How to Get a Mortgage With a Co-Signer

by Lisa McQuerrey ; Updated July 27, 2017

If you can’t qualify for a mortgage on your own merits, a co-signer may be able to use her income and credit score to boost your borrowing power.

Why You Might Need a Co-signer

If a mortgage lender says you need a co-signer for your loan, chances are your credit is poor, your income is too low or your debt-to-income ratio is too high. This means the lender doesn’t think you’re a good risk on your own, but he may be willing to fund you if you have a co-signer, or someone with a good income and good credit history who is willing to take on the responsibility of paying the mortgage if you are unable to.


  • The ability to use a co-signer at all varies from one lender to another. If you're applying for a Federal Housing Administration loan, your co-signer will have to be a close blood relative.

Co-Signer Requirements

A co-signer will be subject to the same underwriting considerations as a primary borrower. The lender will want to evaluate the co-signer’s other financial obligations, credit score, income and outstanding debt. The lender will consider the combined creditworthiness of you and your co-signer in determining how much to lend, along with interest rate and other loan terms and conditions.


  • Your co-signer's income is more important than her credit score when it comes to qualifying.

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Who Should Co-Sign?

A co-signer isn’t typically someone who will occupy the house being funded; a husband wouldn’t normally co-sign for a wife who's sharing the property, for example. A co-signer is more likely to be a financially stable close relative of one of the occupants.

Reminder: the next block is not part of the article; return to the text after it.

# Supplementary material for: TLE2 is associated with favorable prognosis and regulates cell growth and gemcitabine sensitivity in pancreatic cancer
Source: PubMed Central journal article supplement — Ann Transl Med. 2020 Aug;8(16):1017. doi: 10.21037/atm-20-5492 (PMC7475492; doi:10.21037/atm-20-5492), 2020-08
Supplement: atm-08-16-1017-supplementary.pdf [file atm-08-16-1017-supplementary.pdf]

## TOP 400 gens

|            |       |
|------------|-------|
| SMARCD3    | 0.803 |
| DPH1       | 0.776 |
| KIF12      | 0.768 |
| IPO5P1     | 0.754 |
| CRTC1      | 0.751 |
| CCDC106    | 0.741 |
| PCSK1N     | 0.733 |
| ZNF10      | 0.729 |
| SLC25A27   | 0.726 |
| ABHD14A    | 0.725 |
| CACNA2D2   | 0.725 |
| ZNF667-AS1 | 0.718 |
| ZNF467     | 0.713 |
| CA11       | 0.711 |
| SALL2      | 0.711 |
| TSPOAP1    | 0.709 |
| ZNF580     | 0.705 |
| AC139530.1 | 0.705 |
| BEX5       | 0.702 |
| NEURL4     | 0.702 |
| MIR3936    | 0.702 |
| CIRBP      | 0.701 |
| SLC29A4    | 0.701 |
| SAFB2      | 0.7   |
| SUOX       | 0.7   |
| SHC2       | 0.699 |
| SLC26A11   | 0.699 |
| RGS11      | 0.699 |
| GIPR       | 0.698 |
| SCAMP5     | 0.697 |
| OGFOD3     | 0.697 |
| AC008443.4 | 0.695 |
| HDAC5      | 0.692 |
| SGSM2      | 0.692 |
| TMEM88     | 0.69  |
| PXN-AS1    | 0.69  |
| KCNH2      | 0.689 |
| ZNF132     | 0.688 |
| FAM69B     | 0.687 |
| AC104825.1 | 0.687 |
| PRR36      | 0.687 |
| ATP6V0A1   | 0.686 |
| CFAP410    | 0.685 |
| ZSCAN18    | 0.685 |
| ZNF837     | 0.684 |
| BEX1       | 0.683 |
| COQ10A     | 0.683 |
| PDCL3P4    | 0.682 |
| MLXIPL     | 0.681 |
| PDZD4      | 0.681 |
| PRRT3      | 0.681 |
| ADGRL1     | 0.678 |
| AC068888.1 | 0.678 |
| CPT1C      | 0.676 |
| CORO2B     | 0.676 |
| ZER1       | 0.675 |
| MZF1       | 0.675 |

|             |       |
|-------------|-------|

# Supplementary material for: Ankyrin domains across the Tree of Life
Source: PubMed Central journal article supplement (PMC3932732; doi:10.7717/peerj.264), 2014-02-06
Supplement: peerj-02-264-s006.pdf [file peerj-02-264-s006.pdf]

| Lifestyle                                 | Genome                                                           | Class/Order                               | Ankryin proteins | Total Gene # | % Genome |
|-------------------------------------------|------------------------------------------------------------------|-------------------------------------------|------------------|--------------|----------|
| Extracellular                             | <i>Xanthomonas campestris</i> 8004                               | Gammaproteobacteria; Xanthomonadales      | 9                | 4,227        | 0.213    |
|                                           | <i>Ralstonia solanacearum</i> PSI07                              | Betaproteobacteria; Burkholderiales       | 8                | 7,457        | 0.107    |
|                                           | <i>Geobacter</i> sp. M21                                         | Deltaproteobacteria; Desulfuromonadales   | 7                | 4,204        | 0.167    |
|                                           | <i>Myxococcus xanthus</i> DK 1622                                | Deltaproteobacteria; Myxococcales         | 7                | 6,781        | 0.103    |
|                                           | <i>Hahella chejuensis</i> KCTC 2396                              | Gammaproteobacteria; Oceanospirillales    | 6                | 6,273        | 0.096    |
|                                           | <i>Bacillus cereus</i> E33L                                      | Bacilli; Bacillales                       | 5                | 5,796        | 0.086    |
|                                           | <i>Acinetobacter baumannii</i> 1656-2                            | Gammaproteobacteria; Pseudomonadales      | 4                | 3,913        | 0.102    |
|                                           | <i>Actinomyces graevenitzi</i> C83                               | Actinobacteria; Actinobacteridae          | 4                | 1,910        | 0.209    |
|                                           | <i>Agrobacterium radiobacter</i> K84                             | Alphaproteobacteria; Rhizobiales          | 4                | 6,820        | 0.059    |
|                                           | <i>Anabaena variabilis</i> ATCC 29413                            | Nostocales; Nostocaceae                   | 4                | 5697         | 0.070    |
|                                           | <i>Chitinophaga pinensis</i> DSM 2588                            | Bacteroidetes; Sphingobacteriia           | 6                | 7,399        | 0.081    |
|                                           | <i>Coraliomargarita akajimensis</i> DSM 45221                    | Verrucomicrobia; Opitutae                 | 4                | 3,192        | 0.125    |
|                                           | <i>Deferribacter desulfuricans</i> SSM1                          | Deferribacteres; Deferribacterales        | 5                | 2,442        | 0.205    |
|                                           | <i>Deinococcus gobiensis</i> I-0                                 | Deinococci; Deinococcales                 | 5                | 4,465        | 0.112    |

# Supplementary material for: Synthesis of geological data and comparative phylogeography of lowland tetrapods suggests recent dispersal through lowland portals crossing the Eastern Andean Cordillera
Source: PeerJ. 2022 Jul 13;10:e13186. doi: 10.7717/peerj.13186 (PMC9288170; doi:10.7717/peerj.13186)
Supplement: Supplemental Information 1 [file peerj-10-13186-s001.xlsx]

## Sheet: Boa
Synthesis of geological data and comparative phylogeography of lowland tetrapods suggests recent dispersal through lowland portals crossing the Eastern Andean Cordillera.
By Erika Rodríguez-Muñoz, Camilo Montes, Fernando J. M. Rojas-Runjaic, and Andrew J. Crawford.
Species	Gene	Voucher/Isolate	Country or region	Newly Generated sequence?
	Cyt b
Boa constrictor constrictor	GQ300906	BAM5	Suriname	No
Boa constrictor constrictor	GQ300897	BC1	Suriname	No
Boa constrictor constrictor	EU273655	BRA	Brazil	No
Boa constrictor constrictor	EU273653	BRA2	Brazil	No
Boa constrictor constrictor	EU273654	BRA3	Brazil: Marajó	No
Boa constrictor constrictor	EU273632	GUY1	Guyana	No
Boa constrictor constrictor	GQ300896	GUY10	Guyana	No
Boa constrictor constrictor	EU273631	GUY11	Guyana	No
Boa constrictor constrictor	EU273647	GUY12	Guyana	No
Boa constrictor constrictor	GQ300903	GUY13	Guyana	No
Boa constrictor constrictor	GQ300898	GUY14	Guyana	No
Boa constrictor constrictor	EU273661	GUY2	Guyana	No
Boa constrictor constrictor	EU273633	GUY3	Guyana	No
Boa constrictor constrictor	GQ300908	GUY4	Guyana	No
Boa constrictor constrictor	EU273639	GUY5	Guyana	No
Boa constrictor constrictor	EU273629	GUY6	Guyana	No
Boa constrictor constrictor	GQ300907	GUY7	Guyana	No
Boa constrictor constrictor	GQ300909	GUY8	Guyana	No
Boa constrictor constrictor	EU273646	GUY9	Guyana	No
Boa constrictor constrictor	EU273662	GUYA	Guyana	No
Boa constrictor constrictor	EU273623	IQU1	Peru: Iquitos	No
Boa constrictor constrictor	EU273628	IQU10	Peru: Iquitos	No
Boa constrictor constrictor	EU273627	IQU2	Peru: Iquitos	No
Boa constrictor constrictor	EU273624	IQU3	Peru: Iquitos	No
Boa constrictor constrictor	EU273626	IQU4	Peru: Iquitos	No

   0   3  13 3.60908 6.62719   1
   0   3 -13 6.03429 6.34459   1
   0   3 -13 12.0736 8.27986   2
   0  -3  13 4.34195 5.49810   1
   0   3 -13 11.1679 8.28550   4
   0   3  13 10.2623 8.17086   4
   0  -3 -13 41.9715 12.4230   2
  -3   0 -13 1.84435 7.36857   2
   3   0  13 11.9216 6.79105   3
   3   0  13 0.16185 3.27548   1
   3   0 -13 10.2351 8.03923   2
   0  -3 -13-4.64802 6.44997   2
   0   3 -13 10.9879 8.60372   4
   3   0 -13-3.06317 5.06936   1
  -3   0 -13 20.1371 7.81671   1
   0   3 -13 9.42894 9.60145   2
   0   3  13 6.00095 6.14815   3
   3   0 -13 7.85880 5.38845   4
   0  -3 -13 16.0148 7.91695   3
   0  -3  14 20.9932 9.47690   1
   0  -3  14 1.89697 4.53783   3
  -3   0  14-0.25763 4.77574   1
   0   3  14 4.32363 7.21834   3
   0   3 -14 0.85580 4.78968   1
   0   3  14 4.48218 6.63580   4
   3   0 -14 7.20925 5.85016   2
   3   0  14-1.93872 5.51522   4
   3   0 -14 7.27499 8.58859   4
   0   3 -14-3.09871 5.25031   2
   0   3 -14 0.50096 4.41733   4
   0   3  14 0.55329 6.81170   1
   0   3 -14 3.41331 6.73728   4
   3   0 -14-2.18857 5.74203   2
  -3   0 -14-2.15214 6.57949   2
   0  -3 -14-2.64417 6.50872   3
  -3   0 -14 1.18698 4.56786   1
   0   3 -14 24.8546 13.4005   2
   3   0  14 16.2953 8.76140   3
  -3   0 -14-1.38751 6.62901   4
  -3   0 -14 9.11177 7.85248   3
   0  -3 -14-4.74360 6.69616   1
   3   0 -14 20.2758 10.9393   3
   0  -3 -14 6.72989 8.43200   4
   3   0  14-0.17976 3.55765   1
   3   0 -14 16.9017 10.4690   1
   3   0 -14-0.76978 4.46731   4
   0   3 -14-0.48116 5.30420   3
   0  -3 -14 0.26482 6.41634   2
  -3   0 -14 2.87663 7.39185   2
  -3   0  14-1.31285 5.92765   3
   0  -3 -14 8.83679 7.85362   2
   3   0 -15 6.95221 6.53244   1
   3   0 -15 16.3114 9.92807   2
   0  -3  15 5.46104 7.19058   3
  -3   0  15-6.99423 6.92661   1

Some lenders will require that a nonoccupant buyer be a blood or legal relation to the primary buyer or that the parties have a documented long-term relationship. Asking someone to take on the role is a significant request. If you default on your loan, your co-signer is on the hook for your mortgage payments, which could present a significant financial hardship to this person. Consider possible ramifications and the impact such an event could have on your relationship with a co-signer before you ask.

About the Author

Lisa McQuerrey has been a business writer since 1987. In 1994, she launched a full-service marketing and communications firm. McQuerrey's work has garnered awards from the U.S. Small Business Administration, the International Association of Business Communicators and the Associated Press. She is also the author of several nonfiction trade publications, and, in 2012, had her first young-adult novel published by Glass Page Books.

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